"I looked at Chelsea Flower Show when I was a child and I said to myself 'I'm sure I could do that' so I just thought I'd try it to see how I get on," he said.
"The applications went in last June and I heard back from the RHS that the initial adjudication panel wanted my garden at the show.
"Then I had to go through two or three processes until I received the final confirmation at the beginning of November."
The Chelsea show can count the Queen, Duchess of Cornwall, Prince of Wales and celebrities such as Joanna Lumley and Amanda Holden among its regular visitors.
There are 24 gardens confirmed for this year, including nine Show Gardens, nine Artisan Gardens, five Fresh Gardens, the RHS Greening Grey Britain Garden, and more than 100 floral displays,
With his Fresh Garden slot guaranteed, all that's left for him to do is raise the rest of the finance to make it happen.
"I'm about half way there - I've raised £20,000 via English-based suppliers, but it would be great to have local support," he said.
"That might even be with donations in kind, because it costs a fortune to stay over there and to transport materials from Northern Ireland.
"All the metalwork in the garden is being built by a local firm in Newry, for example, but to get it over there will cost a couple of thousand pounds."
For Ian, time is a major factor.
"Preparation for it all needs to be started in the next three or four weeks, so I must get all the money together very soon," he said.
"You only get a week and a half to build your garden on site, so everything else is all preparation."
He added: "Wrightbus supplied the batteries for hybrid buses in London and Chelsea Flower Show advertises on the side of those buses, so it would be great if a company like that could get behind me."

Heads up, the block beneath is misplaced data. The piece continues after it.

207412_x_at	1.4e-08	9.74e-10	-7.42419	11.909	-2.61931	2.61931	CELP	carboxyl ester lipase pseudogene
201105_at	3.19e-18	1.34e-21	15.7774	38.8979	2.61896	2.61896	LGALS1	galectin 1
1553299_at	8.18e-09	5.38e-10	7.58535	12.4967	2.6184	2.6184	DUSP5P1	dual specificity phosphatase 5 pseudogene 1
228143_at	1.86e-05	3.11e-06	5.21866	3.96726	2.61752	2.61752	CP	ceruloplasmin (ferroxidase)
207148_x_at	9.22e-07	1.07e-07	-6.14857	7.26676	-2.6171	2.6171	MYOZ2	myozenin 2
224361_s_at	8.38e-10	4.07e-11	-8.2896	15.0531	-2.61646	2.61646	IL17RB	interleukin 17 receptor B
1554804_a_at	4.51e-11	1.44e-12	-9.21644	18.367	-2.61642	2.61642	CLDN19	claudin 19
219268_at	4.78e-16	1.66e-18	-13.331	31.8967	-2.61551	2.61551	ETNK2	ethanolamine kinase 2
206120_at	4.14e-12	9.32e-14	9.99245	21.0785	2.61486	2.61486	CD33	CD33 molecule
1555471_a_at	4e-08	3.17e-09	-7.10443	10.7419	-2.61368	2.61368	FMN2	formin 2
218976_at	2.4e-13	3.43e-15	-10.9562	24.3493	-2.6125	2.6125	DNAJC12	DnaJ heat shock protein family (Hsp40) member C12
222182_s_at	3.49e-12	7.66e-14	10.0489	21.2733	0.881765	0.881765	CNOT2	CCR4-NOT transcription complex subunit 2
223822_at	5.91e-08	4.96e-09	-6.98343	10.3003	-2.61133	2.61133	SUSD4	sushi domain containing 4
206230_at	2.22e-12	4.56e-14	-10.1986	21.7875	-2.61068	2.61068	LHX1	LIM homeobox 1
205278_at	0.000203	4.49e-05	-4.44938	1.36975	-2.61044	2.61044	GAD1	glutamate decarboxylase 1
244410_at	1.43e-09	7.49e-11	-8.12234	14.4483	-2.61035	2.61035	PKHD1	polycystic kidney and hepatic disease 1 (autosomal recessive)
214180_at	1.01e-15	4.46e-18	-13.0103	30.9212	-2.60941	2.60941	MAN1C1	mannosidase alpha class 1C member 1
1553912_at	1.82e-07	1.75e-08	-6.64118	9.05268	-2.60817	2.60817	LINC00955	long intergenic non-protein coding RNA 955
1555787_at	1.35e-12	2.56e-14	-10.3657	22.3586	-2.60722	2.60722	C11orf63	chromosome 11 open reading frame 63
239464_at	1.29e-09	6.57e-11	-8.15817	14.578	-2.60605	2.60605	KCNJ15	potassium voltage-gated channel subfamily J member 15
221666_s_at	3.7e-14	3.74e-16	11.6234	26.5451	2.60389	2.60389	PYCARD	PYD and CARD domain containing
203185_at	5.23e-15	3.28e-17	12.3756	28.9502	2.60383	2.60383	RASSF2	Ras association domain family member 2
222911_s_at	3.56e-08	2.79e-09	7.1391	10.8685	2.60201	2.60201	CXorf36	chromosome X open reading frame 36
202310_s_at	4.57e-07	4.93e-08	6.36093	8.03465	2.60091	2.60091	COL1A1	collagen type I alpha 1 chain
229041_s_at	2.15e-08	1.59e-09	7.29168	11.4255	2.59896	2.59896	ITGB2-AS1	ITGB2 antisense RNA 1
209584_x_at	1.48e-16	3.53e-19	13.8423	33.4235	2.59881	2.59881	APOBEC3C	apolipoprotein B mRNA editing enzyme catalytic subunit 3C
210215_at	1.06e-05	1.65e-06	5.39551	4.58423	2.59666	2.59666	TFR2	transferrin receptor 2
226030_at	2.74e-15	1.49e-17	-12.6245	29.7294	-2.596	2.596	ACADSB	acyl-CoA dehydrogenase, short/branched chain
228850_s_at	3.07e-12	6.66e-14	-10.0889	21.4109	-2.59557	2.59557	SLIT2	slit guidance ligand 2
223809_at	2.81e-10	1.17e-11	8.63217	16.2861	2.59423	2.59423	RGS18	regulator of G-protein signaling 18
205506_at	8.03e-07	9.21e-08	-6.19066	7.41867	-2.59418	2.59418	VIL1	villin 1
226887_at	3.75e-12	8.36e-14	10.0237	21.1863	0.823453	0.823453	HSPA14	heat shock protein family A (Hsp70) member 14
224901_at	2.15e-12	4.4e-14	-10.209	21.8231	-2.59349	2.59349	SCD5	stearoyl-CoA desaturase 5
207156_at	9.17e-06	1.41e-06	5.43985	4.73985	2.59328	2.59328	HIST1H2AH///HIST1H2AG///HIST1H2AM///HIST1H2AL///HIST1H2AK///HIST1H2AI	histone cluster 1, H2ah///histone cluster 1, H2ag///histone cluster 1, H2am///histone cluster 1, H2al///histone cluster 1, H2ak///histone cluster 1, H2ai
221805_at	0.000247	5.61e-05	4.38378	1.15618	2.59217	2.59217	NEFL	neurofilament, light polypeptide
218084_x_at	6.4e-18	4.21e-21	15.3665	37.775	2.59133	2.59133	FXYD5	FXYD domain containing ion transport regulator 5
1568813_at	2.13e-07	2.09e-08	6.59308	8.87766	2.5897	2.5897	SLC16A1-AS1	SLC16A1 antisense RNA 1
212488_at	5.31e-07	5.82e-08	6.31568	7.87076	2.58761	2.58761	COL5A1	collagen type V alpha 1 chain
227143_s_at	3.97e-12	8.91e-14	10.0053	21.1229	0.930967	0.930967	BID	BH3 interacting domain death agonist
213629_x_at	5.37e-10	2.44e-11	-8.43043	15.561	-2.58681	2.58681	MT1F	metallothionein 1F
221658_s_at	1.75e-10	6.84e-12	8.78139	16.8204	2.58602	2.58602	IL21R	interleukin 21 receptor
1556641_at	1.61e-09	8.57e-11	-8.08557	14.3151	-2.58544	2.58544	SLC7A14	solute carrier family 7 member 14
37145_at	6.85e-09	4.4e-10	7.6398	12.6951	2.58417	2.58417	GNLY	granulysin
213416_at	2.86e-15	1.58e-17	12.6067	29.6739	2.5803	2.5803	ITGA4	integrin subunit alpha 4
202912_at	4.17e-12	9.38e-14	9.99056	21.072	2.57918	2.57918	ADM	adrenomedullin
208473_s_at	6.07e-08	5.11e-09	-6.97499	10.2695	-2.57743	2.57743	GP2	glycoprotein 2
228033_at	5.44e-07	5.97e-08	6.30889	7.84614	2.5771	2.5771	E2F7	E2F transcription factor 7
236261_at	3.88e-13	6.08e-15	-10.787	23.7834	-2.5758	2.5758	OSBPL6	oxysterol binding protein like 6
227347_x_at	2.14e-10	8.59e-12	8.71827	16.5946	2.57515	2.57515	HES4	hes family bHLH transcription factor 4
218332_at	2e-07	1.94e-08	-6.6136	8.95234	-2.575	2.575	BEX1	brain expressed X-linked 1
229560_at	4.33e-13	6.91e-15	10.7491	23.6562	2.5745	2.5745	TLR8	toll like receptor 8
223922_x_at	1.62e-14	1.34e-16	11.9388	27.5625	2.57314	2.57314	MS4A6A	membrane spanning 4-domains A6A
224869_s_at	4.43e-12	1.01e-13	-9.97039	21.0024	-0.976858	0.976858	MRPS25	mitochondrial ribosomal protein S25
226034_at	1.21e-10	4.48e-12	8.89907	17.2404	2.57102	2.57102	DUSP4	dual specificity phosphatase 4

Ian's project has the full backing of Inspire Wellbeing, formerly Northern Ireland Association for Mental Health (NIAMH), which has been supporting individuals for six decades.
"The development of therapy gardens in a number of our services has proved to be very beneficial for our residents, service users and members," said the organisation's Nuala Dalcz.
"It is exciting to see Ian take this concept of therapeutic gardening to the RHS and to see his design for a garden based on the experience of mental ill health.
"We believe that the garden will prove an innovative and effective way of raising awareness among the public of mental health issues, as well as highlighting the therapeutic effects that gardening can have in helping individuals with mental health problems build resilience and recover.
"We are delighted to support this project and its ambition of successfully addressing the stigma and discrimination around mental ill health, which continues to impact on so many lives."